European Parliament endorses Bellona proposals for offshore oil and gas regulation in Europe

For 3 months last year the largest accidental marine oil spill in the history of petroleum followed an explosion of Transocean`s Deepwater Horizon rig in the Gulf of Mexico. Around 780 000 m3 of crude oil polluted the waters and wetlands along the Gulf.

Publish date: September 15, 2011

New legislation for offshore oil and gas activities is to be proposed by the European Commission this autumn, and on September 13th the European Parliament adopted a resolution with its recommendations on the topic, reflecting suggestions by The Bellona Foundation.

In May this year The Bellona Foundation participated in the  the public consultation process organised by the European Commission with a view to improving the offshore safety in Europe. The Bellona input  to the consultation on an EU safety legislation for offshore oil and gas activity can be found here.

Requested use of best available environmental technologies

The oil and gas industry is an evolving industry continuously moving further into more complex subsurface structures and more challenging external environments (weather, depth, access to infrastructure etc.). As technology evolve so must the technical capability of the companies and the associated regulatory framework. In order to embrace this, Bellona recommended a requirement to apply existing and emerging best available technologies (BAT) should be made.

Bellona`s suggestion that BAT definitions and guidelines should be implemented in the offshore safety regulations was included in a resolution which was passed by Parliament earlier today. Such definitions are already coded in directives and reference documents concerning integrated pollution prevention and control for onshore industry (IPPC and IED).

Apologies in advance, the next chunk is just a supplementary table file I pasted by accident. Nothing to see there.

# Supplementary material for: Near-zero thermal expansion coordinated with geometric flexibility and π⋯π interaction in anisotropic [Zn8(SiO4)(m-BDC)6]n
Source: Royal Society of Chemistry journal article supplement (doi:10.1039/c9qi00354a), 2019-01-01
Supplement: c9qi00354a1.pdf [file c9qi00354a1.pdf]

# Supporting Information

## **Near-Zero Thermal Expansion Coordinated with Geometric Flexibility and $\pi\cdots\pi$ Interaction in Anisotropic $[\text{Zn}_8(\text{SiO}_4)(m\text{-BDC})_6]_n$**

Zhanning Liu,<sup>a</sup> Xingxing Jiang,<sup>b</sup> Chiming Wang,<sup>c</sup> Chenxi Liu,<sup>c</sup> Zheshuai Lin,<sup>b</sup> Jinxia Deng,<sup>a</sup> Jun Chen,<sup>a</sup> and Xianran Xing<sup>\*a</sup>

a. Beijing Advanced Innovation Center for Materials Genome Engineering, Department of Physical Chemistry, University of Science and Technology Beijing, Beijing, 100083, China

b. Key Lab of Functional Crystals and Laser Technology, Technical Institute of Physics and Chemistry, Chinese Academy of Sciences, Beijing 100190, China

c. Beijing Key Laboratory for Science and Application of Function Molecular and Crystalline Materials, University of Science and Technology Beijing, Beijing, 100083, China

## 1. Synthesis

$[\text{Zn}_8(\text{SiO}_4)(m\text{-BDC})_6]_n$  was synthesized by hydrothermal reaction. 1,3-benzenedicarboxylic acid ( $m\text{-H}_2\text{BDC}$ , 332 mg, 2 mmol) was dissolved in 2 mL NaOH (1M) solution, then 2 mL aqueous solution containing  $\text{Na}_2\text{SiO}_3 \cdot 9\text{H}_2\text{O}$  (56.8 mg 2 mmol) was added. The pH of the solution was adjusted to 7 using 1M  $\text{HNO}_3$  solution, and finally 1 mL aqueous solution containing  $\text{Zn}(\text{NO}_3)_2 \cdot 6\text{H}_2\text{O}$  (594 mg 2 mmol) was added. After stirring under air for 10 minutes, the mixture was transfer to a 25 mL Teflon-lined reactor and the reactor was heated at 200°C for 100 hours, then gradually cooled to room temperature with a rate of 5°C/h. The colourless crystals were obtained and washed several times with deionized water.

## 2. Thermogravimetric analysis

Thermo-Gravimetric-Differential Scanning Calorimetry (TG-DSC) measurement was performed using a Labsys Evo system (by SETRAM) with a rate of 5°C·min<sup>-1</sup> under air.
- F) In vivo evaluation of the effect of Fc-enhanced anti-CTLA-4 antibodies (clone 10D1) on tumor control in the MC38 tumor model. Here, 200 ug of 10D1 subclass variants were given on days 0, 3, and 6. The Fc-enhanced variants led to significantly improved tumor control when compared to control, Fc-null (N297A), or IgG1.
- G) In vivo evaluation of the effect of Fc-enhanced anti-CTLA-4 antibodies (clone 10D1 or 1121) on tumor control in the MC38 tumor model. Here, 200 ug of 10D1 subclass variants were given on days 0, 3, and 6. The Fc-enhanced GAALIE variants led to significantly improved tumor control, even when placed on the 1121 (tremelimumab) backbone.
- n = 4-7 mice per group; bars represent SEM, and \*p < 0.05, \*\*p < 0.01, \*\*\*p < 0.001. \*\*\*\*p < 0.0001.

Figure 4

“The use of best available techniques in existing legislations for onshore industry aims at reducing emissions and the impact on the environment as a whole. A similar definition of best available technology in order to reduce risk in offshore petroleum activities should also be applied”, says Eivind Hoff, director of the Bellona Brussels office. 

Compulsory emergency plans for all operations

“Development of new gas or oil fields in European seas should only be allowed if the company has prepared an adequate emergency plan and has sufficient funds to repair possible damage to the environment”, says a resolution passed by Parliament yesterday.

The resolution, which seeks to influence the new draft legislation, suggests to require approval of site-specific plans for all drilling in order to better protect the environment. Bellona suggested emergency plans should be compulsory, both when applying for an exploration- and production licenses.

“It is important that legislation stimulates prevention and limitation of oil spills. The law must give operators economic incentives to carry out rational actions and not neglect such actions in fear of worst case juridical consequences for the operators. It is important that the international community through the IMO (International Maritime Organisation), the EMSA (European Maritime Safety Agency), the EU and the national governments co-operate to agree on solid and feasible solutions”, says Laetitia Birkeland, legal advisor in Bellona. 

Bellona recommended that both the exploration- and production licences should include separate authorisation processes of which some are 1) consent to carry out drilling 2) approval of an emergency response plan and 3) approval of an abandonment plan. Further it recommended that the hydrocarbon field operator’s Emergency response plan should be authorised by two instances; 1) The national competent authority and 2) the EMSA.

The need to enhance safety

There is a clear need to enhance efforts  to minimize spills and emissions from the oil and gas industry. In recent years, Bellona has followed the developments in the industry with increasing concern. An alarming number of incidents and accidents show that the environment exposure represents a comprehensive risk. A prioritization of short-term returns, rather than safety requirements, has forced the organization to report Statoil (the largest operator on the Norwegian Self) – several times the last two years.